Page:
Fourth, the idea that a company is an entity that can be freely bought and sold is culturally specific. It is the view, above all, of Anglo-Americans. It is not shared in most of the rest of the world. The reason for this divergence is that, for many cultures, a company is viewed as being an enduring social entity. I once read that, for many Japanese, one can no more sell a company over the heads of its workers than one can sell one’s grandmother. In this view, goods and services can be bought and sold. Companies, like countries (or, as we all now agree, people), must not be.
Fifth, in this perspective, shareholders are not genuine owners. They contribute nothing of value to the competitive strengths of the firm, enjoy the benefits of limited liability and are well able to diversify the risks they run. They are merely an (ever-shifting) group of people with a claim to the residual incomes. Those with the biggest (undiversifiable) investment in the firm -- and thus the greatest exposure to firm-specific risks -- are not shareholders, but core workers. The interests of the latter are, therefore, paramount.
Sixth, the salient characteristic of the contracts inside the firm (that is between the company, its employees and, quite often, its suppliers and even distributors) is that they are relational. That is to say, they cannot be written down in any precise form. Companies are hierarchies in which people engage voluntarily. They necessarily work on the basis of trust in what is often a very long-term relationship: I work extra hard to meet a deadline now, in return for consideration when I need to look after my elderly mother later on. For many companies, trustworthiness is an essential ingredient in their long-term success.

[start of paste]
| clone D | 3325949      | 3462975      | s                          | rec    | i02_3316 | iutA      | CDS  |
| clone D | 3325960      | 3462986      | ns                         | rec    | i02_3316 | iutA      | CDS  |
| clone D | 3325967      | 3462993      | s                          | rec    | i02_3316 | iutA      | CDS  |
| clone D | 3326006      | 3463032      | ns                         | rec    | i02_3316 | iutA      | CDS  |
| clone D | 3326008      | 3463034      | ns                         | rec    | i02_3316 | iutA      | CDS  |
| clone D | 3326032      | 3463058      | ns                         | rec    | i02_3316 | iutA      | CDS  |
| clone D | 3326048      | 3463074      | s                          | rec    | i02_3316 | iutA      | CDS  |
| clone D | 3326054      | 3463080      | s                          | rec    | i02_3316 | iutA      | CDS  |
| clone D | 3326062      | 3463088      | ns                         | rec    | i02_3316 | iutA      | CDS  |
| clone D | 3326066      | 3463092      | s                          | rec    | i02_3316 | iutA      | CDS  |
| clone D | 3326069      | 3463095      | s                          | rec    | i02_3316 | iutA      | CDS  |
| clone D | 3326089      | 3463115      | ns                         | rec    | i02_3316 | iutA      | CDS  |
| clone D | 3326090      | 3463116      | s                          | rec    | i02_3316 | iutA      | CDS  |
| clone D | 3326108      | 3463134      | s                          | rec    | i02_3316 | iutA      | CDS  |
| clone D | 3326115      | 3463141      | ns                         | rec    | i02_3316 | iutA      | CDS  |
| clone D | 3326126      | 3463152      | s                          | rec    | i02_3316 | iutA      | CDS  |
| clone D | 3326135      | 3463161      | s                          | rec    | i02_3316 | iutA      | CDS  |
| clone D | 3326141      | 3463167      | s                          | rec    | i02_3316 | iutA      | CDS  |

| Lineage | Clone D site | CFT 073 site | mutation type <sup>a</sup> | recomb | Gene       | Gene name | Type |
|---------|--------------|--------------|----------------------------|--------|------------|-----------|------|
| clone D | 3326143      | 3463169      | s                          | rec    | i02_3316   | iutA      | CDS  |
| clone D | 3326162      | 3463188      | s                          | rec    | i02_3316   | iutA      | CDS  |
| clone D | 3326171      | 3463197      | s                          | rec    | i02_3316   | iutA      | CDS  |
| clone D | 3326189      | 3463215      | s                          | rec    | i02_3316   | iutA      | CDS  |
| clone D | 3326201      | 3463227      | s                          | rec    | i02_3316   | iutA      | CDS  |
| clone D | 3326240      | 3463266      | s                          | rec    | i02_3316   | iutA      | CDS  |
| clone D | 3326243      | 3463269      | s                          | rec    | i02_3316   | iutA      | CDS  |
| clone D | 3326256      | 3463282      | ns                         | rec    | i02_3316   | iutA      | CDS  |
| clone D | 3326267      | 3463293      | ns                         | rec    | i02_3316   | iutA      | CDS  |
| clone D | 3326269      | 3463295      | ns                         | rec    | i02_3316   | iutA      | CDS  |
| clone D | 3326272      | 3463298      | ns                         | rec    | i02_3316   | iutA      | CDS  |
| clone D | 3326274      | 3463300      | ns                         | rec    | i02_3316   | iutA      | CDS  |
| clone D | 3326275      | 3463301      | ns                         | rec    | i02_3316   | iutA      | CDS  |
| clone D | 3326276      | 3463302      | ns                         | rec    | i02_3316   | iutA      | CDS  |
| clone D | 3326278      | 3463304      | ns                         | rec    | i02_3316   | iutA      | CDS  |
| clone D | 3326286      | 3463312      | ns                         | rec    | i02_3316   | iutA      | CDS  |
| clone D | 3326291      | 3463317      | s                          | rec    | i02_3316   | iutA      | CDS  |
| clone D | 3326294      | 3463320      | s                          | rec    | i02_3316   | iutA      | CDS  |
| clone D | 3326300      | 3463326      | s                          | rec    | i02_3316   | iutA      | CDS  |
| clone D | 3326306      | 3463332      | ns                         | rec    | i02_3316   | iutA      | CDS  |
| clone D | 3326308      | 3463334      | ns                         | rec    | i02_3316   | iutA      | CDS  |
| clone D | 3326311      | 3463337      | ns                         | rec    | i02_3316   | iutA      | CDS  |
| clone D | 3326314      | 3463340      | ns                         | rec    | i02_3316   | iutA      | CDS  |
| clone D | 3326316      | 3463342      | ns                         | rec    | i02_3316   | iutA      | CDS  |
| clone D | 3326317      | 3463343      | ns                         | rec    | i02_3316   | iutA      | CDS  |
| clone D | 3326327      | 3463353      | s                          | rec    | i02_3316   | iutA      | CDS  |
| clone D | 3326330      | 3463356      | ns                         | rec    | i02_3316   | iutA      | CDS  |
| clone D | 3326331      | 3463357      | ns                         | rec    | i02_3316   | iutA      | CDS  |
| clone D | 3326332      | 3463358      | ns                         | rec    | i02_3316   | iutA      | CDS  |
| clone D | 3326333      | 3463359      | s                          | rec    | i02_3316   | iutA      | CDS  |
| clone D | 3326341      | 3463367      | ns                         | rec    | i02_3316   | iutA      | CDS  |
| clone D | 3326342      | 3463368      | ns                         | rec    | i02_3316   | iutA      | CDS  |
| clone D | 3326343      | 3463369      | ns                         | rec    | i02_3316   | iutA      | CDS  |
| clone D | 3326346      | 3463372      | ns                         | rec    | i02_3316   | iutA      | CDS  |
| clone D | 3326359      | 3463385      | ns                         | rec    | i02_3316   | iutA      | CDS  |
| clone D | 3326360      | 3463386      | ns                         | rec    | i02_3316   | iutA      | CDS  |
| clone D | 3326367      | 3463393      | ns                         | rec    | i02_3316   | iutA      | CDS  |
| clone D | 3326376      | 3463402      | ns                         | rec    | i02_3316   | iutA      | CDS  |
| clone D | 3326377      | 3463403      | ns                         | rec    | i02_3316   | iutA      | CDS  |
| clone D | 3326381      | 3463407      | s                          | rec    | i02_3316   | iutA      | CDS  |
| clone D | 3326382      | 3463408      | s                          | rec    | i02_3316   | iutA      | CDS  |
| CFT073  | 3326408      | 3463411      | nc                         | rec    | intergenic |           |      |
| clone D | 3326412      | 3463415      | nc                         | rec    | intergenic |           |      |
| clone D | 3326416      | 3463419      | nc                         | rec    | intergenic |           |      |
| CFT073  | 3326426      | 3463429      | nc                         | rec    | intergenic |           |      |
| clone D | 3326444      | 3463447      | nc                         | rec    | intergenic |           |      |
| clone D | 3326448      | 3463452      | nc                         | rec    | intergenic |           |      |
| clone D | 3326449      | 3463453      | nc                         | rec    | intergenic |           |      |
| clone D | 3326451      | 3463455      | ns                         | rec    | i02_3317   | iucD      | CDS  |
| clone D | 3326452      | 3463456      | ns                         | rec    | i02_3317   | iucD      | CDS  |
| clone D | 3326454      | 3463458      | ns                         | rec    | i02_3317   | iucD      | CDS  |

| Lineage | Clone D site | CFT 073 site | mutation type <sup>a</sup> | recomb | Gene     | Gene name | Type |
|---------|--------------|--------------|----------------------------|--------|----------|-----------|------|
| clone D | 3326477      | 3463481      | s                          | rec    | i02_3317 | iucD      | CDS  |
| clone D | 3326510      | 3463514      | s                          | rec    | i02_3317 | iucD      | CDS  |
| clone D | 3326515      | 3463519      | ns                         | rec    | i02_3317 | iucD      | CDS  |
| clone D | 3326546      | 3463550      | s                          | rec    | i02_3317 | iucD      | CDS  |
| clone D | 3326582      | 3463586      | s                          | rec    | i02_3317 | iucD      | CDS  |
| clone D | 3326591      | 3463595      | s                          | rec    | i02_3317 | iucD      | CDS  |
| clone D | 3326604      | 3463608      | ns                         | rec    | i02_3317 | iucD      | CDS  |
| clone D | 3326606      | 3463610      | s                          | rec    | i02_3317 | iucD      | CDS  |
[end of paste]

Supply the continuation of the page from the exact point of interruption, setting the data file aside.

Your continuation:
Sixth, if companies can be freely bought and sold, relational contracts, which depend on continuing interaction among specific people inside the business, are hardly worth the paper they are (not) written on. Rational employees will act opportunistically, because they will always expect their company to do the same. The longer and more reliable relationships are expected to be, the less likely such opportunistic behaviour is to emerge.